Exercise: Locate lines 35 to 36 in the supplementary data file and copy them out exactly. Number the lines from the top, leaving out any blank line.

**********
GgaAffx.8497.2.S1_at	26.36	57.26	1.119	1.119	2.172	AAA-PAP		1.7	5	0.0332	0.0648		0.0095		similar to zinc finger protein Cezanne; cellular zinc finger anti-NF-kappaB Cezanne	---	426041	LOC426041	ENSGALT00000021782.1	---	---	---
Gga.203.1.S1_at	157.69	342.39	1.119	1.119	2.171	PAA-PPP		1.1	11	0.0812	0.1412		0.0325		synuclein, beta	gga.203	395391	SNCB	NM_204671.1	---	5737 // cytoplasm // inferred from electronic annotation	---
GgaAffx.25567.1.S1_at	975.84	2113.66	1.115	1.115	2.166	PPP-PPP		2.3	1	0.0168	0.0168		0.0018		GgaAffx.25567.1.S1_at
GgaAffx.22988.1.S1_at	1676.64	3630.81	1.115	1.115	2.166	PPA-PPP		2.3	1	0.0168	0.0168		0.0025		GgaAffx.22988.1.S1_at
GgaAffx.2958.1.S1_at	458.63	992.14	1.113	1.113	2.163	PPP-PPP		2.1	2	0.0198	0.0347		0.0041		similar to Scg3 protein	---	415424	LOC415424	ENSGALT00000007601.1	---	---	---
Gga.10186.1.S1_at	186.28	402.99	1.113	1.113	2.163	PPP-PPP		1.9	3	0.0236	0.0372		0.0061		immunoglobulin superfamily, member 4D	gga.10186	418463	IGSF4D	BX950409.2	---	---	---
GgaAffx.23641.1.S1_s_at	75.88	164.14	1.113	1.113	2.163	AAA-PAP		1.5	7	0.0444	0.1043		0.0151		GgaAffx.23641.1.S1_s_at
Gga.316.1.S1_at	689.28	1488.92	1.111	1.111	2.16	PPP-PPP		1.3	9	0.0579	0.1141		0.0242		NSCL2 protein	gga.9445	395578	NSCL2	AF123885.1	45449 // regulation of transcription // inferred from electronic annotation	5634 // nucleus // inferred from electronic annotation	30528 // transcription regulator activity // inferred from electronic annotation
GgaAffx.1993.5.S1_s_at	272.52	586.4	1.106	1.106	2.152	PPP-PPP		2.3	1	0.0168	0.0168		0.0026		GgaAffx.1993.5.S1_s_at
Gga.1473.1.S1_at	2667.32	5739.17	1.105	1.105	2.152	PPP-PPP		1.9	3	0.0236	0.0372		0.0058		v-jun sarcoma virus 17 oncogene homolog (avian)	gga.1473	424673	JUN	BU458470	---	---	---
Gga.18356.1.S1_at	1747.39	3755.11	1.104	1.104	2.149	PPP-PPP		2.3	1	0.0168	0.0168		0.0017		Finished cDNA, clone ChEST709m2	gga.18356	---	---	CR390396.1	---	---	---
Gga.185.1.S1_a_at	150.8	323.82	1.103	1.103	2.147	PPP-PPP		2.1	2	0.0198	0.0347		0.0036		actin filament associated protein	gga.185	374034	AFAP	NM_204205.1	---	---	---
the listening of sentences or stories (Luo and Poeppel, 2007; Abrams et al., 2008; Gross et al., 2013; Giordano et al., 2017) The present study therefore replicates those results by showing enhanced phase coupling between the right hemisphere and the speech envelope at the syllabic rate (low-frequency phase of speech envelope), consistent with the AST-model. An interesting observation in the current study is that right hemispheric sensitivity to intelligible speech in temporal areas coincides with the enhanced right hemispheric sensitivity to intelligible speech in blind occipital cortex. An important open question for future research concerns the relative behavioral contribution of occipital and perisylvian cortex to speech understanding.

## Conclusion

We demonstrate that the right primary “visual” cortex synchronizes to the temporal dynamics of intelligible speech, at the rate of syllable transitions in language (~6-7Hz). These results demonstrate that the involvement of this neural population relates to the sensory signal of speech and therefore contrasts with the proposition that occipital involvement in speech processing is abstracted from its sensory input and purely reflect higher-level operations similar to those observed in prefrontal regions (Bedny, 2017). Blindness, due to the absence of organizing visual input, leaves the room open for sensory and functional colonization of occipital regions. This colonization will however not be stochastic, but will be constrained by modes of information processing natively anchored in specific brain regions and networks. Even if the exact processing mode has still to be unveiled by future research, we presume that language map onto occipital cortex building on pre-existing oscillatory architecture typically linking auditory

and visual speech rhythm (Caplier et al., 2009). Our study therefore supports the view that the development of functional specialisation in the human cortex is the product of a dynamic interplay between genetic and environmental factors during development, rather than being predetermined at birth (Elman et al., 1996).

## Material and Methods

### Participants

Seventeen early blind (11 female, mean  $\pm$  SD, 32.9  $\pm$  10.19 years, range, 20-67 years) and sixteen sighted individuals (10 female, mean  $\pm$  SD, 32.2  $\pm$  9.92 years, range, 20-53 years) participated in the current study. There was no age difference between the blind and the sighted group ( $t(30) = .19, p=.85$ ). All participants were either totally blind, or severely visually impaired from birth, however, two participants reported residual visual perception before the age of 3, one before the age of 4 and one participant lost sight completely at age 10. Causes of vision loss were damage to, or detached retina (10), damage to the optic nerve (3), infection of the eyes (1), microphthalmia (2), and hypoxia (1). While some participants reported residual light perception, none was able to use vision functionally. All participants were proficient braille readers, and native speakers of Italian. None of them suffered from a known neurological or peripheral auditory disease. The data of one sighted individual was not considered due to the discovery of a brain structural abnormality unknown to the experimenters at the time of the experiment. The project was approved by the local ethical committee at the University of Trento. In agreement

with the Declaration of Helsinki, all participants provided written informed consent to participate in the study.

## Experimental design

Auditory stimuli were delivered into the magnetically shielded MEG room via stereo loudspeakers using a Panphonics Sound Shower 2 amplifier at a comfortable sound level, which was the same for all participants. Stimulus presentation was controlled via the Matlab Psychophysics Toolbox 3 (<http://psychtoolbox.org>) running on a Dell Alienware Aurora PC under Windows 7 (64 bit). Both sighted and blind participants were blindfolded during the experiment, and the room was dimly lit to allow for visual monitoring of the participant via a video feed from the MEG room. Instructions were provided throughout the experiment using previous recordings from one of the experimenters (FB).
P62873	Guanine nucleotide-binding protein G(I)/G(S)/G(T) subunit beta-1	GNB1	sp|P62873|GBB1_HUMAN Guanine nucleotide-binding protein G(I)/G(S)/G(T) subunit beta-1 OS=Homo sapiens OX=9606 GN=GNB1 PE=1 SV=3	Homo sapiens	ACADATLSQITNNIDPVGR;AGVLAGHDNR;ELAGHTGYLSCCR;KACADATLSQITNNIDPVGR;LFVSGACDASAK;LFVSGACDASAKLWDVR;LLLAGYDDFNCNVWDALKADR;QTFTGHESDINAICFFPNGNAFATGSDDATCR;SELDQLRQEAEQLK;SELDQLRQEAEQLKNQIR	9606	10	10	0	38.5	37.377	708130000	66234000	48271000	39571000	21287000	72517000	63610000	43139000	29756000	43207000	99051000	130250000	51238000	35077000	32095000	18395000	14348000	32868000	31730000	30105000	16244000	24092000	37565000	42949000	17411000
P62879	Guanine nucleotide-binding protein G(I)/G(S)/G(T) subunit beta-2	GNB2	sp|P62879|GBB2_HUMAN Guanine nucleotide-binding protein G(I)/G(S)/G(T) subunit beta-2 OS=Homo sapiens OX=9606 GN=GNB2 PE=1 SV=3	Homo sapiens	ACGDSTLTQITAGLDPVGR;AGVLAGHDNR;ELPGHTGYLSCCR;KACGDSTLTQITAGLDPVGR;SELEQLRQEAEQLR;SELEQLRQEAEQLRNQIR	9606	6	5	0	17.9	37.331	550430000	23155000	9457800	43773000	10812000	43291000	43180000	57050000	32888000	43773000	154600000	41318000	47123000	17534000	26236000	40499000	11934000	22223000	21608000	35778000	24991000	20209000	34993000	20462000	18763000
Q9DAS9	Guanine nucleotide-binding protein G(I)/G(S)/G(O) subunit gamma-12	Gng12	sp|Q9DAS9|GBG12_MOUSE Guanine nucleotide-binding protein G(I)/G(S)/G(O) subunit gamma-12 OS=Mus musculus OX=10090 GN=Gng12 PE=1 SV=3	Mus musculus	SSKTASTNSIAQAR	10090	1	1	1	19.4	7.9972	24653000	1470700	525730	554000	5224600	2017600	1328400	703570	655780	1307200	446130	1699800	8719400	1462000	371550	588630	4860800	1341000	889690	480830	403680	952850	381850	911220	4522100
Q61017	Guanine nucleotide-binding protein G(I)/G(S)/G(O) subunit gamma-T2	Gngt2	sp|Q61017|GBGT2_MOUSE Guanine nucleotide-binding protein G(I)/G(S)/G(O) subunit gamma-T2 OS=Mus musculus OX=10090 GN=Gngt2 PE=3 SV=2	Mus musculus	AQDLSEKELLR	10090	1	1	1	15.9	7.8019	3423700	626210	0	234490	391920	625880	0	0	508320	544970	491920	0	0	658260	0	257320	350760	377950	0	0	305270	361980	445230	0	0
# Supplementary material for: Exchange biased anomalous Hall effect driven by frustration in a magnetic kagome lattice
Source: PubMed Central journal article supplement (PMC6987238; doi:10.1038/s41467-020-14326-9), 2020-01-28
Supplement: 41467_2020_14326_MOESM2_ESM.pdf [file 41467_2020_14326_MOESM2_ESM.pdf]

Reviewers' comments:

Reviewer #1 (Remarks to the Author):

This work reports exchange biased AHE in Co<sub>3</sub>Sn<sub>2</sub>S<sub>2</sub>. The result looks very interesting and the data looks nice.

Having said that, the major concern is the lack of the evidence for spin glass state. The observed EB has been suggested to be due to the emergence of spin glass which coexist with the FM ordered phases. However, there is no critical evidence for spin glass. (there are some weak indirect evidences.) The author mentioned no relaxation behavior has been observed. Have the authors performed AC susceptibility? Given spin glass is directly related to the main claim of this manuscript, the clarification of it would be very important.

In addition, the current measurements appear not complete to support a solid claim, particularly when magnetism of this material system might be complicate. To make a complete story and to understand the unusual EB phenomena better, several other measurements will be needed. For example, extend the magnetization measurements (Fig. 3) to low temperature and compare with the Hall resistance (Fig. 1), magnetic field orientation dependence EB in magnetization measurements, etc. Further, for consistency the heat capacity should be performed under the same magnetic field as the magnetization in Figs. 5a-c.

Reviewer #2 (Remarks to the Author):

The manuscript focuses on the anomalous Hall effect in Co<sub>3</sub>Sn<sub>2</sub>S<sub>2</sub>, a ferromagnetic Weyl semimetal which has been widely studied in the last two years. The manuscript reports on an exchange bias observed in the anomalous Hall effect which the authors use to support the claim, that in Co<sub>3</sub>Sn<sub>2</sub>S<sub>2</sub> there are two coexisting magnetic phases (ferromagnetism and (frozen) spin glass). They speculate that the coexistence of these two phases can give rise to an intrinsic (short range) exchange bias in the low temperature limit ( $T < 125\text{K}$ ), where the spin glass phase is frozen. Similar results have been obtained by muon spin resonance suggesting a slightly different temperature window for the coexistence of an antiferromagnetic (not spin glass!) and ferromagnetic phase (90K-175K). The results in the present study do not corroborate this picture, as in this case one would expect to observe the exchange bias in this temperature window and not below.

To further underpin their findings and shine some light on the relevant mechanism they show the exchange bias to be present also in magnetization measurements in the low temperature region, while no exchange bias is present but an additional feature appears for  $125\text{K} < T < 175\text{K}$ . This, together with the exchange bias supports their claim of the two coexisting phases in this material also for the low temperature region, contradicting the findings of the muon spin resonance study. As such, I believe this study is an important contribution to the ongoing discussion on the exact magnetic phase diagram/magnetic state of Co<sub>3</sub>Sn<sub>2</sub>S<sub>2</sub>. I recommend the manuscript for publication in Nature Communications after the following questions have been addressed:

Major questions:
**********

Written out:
Reviewer #2 (Remarks to the Author):

The manuscript focuses on the anomalous Hall effect in Co<sub>3</sub>Sn<sub>2</sub>S<sub>2</sub>, a ferromagnetic Weyl semimetal which has been widely studied in the last two years. The manuscript reports on an exchange bias observed in the anomalous Hall effect which the authors use to support the claim, that in Co<sub>3</sub>Sn<sub>2</sub>S<sub>2</sub> there are two coexisting magnetic phases (ferromagnetism and (frozen) spin glass). They speculate that the coexistence of these two phases can give rise to an intrinsic (short range) exchange bias in the low temperature limit ( $T < 125\text{K}$ ), where the spin glass phase is frozen. Similar results have been obtained by muon spin resonance suggesting a slightly different temperature window for the coexistence of an antiferromagnetic (not spin glass!) and ferromagnetic phase (90K-175K). The results in the present study do not corroborate this picture, as in this case one would expect to observe the exchange bias in this temperature window and not below.